# Finding the probability of drawing two white balls given that both balls are of the same color.

This is a problem of conditional probability:

There are two boxes X and Y. X contains 5 balls: 2 are blue, 2 white and 1 is gray. Y contains 4 balls: 2 are blue, 1 is white and 1 is gray.

I have to calculate the probability of both balls being white given that both are of the same colour. One ball is going to be taken from each box.

This problem, at least when I look to the formula of conditional probability ((P(A|B) = P(A and B) / P(B)), isn't very intuitive to me.

In this case, shouldn't the probability be P(White and White | Same Colour) = P[(White and White) and Same Colour)/P(Same Colour)?

My text book says it's going to be P(White and White) / P(Same Colour).

Could you guys help? Thank you very much and sorry about the wall text.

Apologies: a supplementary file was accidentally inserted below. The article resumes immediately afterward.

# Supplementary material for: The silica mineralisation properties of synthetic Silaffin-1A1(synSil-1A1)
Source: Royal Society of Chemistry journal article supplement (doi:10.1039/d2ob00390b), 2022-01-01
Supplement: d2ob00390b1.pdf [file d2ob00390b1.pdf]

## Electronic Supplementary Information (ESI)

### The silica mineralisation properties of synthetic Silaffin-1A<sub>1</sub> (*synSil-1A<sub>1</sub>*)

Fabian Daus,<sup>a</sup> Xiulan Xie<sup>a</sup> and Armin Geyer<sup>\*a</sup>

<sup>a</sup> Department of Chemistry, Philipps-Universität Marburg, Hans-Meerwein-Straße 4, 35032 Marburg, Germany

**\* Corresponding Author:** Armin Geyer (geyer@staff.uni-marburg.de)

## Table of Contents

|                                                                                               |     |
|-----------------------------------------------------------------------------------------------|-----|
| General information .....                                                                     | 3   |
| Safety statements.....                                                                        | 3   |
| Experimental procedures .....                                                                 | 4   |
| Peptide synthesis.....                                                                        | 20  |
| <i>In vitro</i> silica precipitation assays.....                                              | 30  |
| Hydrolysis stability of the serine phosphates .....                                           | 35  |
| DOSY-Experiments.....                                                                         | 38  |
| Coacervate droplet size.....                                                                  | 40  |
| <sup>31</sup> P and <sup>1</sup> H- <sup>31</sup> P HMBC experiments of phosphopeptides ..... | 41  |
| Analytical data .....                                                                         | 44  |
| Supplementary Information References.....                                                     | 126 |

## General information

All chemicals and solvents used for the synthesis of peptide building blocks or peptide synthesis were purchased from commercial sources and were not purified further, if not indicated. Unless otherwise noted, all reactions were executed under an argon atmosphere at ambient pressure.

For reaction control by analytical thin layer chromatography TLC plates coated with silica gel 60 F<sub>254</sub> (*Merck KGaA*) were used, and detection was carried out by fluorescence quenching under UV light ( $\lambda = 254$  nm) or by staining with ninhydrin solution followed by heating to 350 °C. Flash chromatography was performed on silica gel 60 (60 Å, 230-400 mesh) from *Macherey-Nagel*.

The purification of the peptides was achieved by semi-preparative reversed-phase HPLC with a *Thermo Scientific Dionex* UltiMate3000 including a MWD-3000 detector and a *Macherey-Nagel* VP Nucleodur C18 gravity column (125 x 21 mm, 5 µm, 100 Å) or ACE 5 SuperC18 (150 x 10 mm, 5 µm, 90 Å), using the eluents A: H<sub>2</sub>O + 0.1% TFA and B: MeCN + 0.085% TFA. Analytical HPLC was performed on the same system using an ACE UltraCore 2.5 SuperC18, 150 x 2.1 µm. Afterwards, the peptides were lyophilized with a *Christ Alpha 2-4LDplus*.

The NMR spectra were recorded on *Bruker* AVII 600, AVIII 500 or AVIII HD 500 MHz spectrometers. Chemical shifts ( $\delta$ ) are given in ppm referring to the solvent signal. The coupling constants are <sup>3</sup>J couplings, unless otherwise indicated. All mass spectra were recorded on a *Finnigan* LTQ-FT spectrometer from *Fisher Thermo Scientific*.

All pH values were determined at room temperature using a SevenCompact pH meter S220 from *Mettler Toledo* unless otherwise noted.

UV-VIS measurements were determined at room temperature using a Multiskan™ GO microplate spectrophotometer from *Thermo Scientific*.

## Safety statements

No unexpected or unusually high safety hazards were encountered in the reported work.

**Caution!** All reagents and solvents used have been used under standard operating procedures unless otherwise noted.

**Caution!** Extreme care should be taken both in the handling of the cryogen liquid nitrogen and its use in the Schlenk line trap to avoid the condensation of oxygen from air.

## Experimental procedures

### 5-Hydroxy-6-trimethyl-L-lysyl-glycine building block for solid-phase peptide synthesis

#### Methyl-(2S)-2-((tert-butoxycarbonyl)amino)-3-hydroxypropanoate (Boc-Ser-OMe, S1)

Edit: missed a sentence.

• I think you're missing a sentence. Is one ball drawn from each box? Nov 2 '17 at 13:01
• Yes, that is relevant information that I have forgotten. I am going to edit that, thank you. Nov 2 '17 at 13:13

You are both right. What you haven't yet noticed is that if the balls are both white, then they necessarily have the same colour. So we have $$P((\text{white and white})\text{ and same colour}) = P(\text{white and white})$$ Thus you have used the formula directly, while your text book has used the formula then applied a small simplification. Note that this simplification, while small, is a relatively crucial step towards being able to calculate anything.